What requires to be done on the economic front is more than what has been done yet.
What makes the first quarterly (Q1) national accounts data of the current financial year so important for the economy?
First, it informs us how the overall economy and its major sub-sectors have been able to perform so far; and decode leaders and laggards.
Second, it serves as sort of ‘a wake up call’ so that the government can respond proactively with a mid-way course correction and appropriate policy action.
Last, for all the stakeholders, it offers a vital barometer about the on-going state of the economy that can influence their consumption, savings and investment behaviour in the remaining part of the year.
In this contextual framework, the just-released estimates of Q1 (April-June] 2015-16 of real gross domestic product [GDP] and gross value added [GVA] numbers at basic prices might offer some sense of comfort to the Narendra Modi government.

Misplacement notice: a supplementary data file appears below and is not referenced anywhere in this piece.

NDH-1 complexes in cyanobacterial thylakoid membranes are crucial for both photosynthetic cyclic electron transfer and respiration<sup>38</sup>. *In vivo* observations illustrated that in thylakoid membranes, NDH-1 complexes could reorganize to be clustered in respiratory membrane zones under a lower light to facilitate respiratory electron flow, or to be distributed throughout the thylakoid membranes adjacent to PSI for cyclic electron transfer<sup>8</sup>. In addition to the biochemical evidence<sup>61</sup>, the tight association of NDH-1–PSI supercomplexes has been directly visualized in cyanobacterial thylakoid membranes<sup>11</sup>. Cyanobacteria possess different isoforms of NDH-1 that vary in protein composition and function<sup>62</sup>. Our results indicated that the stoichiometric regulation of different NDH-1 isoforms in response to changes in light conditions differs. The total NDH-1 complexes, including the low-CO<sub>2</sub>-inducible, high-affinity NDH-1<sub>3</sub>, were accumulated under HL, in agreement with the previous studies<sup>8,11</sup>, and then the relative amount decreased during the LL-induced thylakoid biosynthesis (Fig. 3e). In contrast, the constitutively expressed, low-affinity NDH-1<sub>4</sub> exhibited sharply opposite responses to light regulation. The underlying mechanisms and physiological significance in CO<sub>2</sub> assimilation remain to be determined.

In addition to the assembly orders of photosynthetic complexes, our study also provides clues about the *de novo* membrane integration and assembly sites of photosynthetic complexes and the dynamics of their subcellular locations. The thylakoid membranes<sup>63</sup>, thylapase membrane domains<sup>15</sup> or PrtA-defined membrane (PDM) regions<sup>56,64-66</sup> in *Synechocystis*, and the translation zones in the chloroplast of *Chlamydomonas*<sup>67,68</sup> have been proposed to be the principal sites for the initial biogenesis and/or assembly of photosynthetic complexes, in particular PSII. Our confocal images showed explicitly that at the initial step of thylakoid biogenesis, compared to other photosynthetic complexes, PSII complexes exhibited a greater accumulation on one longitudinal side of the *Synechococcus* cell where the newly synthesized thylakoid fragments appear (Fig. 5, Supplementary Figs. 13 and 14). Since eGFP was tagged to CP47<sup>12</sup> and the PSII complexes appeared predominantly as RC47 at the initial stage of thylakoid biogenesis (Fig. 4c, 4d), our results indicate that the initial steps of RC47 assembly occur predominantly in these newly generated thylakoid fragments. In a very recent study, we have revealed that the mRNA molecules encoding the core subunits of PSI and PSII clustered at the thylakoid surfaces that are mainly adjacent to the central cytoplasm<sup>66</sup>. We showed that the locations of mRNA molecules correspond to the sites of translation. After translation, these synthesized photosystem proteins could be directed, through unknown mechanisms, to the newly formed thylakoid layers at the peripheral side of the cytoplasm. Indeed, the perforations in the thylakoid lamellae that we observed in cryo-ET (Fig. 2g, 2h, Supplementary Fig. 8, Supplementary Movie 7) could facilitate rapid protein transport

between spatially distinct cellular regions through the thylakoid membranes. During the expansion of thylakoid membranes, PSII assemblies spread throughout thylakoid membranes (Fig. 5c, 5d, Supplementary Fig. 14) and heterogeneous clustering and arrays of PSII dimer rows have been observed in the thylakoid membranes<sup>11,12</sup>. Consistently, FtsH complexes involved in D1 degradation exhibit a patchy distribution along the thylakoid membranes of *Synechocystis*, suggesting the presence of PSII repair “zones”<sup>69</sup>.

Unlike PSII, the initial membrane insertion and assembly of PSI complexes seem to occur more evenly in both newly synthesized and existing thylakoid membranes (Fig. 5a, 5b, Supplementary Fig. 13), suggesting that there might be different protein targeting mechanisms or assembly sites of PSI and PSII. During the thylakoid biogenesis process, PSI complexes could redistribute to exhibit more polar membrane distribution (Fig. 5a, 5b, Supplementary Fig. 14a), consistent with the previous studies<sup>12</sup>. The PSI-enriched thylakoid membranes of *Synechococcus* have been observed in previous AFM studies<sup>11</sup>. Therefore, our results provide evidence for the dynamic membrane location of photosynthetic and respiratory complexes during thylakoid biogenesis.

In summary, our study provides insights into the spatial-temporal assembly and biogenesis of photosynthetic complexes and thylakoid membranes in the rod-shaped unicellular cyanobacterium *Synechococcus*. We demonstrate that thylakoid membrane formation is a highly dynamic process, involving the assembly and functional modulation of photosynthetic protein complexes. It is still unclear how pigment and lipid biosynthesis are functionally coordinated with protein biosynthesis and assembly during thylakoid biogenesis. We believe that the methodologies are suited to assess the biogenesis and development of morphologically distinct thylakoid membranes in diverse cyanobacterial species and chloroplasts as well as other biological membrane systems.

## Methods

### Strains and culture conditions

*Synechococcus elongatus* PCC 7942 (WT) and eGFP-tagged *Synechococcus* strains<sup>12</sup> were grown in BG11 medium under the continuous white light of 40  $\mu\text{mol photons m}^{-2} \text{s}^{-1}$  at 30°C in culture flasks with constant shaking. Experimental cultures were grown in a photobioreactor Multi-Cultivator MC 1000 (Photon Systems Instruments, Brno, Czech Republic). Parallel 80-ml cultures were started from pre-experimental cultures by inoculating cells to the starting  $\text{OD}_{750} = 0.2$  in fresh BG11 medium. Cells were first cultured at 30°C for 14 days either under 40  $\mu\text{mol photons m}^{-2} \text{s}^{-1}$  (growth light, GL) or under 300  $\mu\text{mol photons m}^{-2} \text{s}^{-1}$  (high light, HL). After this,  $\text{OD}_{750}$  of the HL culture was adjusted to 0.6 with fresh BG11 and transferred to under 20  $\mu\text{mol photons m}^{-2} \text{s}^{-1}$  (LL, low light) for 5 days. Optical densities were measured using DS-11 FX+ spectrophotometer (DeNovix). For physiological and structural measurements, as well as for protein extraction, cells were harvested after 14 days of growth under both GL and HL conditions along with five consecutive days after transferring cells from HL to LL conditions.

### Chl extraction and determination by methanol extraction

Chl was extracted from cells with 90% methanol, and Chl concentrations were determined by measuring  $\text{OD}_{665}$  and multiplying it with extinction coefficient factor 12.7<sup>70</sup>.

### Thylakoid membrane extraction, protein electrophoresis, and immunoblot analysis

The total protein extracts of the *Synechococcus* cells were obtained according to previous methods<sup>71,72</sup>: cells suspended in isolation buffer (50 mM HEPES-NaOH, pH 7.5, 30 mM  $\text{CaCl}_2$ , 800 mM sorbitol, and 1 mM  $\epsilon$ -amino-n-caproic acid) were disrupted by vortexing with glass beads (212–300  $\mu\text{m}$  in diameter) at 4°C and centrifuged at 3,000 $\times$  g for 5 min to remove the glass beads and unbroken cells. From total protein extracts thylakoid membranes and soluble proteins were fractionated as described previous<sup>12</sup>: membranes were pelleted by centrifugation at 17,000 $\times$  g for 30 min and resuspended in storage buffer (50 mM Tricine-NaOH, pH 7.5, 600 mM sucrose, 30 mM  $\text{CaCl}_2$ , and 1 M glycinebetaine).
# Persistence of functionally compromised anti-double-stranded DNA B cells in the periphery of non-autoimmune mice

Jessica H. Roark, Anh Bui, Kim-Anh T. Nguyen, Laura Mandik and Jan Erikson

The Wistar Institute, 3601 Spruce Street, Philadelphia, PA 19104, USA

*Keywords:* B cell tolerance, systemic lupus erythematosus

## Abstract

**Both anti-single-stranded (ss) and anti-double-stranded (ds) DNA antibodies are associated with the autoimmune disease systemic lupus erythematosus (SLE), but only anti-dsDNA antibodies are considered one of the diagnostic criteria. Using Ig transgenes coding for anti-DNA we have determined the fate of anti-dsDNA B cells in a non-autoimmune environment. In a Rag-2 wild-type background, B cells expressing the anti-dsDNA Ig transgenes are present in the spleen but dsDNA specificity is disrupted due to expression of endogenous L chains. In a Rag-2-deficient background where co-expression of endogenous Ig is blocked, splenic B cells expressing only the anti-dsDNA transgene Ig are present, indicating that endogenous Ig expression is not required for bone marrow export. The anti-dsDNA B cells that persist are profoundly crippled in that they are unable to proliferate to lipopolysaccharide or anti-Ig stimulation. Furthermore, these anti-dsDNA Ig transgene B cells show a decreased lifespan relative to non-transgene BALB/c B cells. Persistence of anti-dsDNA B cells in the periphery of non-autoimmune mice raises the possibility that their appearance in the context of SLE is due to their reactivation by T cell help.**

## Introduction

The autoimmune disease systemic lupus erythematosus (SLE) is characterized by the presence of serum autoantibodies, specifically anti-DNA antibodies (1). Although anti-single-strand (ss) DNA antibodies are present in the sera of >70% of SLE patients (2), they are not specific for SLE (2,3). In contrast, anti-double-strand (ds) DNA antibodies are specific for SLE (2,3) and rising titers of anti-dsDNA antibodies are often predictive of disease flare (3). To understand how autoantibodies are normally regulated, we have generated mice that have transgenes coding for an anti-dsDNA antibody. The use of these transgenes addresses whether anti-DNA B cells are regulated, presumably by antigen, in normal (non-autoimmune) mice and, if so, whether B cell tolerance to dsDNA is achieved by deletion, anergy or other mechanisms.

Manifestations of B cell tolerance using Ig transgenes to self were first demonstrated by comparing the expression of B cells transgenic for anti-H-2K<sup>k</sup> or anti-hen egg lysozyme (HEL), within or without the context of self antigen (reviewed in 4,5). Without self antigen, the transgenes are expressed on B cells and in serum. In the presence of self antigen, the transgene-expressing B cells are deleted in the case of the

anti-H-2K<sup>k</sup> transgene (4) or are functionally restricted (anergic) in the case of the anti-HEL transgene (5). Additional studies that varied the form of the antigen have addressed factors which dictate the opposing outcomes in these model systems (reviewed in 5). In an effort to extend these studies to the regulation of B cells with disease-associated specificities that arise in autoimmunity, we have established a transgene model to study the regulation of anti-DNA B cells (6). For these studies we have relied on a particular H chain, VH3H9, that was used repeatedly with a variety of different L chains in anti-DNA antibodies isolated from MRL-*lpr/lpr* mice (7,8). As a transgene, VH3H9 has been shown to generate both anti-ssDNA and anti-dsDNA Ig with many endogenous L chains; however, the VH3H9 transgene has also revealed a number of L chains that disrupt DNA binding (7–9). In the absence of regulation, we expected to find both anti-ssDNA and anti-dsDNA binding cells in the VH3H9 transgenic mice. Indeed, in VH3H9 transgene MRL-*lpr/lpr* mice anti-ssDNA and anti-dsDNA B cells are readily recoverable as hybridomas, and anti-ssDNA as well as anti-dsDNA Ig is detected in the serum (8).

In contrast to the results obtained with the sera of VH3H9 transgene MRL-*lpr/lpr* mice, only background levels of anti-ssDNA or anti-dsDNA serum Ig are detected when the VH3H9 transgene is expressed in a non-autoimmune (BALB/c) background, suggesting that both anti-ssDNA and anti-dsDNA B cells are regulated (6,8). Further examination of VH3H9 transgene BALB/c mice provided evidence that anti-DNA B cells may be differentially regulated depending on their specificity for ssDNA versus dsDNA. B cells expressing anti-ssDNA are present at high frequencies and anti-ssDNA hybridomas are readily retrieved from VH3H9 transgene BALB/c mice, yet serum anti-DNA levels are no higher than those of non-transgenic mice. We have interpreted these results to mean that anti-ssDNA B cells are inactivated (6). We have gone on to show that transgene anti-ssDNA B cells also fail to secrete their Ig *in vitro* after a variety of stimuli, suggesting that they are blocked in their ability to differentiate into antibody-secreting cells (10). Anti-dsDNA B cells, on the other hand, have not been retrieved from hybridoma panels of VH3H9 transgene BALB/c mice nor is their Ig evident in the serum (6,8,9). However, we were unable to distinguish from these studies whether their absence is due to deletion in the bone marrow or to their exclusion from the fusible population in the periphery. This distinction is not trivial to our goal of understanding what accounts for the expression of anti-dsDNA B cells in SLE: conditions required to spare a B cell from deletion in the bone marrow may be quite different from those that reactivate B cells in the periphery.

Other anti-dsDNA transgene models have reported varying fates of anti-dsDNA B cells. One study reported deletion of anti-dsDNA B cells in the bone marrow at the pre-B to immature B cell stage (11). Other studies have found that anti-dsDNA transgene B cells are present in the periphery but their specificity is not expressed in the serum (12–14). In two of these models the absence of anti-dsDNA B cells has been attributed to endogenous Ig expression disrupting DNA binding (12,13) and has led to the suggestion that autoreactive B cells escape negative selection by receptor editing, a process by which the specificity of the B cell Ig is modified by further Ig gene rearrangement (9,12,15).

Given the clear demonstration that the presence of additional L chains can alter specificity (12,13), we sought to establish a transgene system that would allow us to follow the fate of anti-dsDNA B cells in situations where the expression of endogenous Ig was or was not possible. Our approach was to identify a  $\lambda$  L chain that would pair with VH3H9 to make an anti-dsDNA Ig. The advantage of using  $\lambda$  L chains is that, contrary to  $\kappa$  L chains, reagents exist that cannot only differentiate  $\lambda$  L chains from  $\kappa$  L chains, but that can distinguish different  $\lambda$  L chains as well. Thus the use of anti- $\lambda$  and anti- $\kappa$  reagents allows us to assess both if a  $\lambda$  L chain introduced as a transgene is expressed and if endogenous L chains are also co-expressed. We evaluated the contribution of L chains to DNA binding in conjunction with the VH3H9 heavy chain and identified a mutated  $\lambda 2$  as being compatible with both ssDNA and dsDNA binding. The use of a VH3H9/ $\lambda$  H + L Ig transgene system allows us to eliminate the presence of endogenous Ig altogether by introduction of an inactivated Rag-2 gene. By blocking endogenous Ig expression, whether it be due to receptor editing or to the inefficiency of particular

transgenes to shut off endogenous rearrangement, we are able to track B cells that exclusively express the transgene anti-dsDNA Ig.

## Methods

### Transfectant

For the past few months the government has been besieged with a constellation of negative events – a combative opposition stalling the reforms agenda in the monsoon session of Parliament; continuing imbroglio on the one rank one pension issue as well as the massive agitation by the Patidar community in Gujarat; growing sense of disillusionment among business and industry that ‘nothing is changing at the ground level’; south-west monsoon playing truant in the crucial months of July-August; and global economic scenario afflicted by the widespread turmoil.
Against such a daunting backdrop, the macro economy (measured in real GDP) has cruised at a realistically steady rate of 7 per cent in Q1 2015-16 as compared to 6.7 per cent in Q1 of 2014-15. Further, measured in GVA terms the economic growth works out to 7.1 per cent in Q1 of 2015-16, which is lower than 7.4 per cent in the corresponding quarter of the previous year.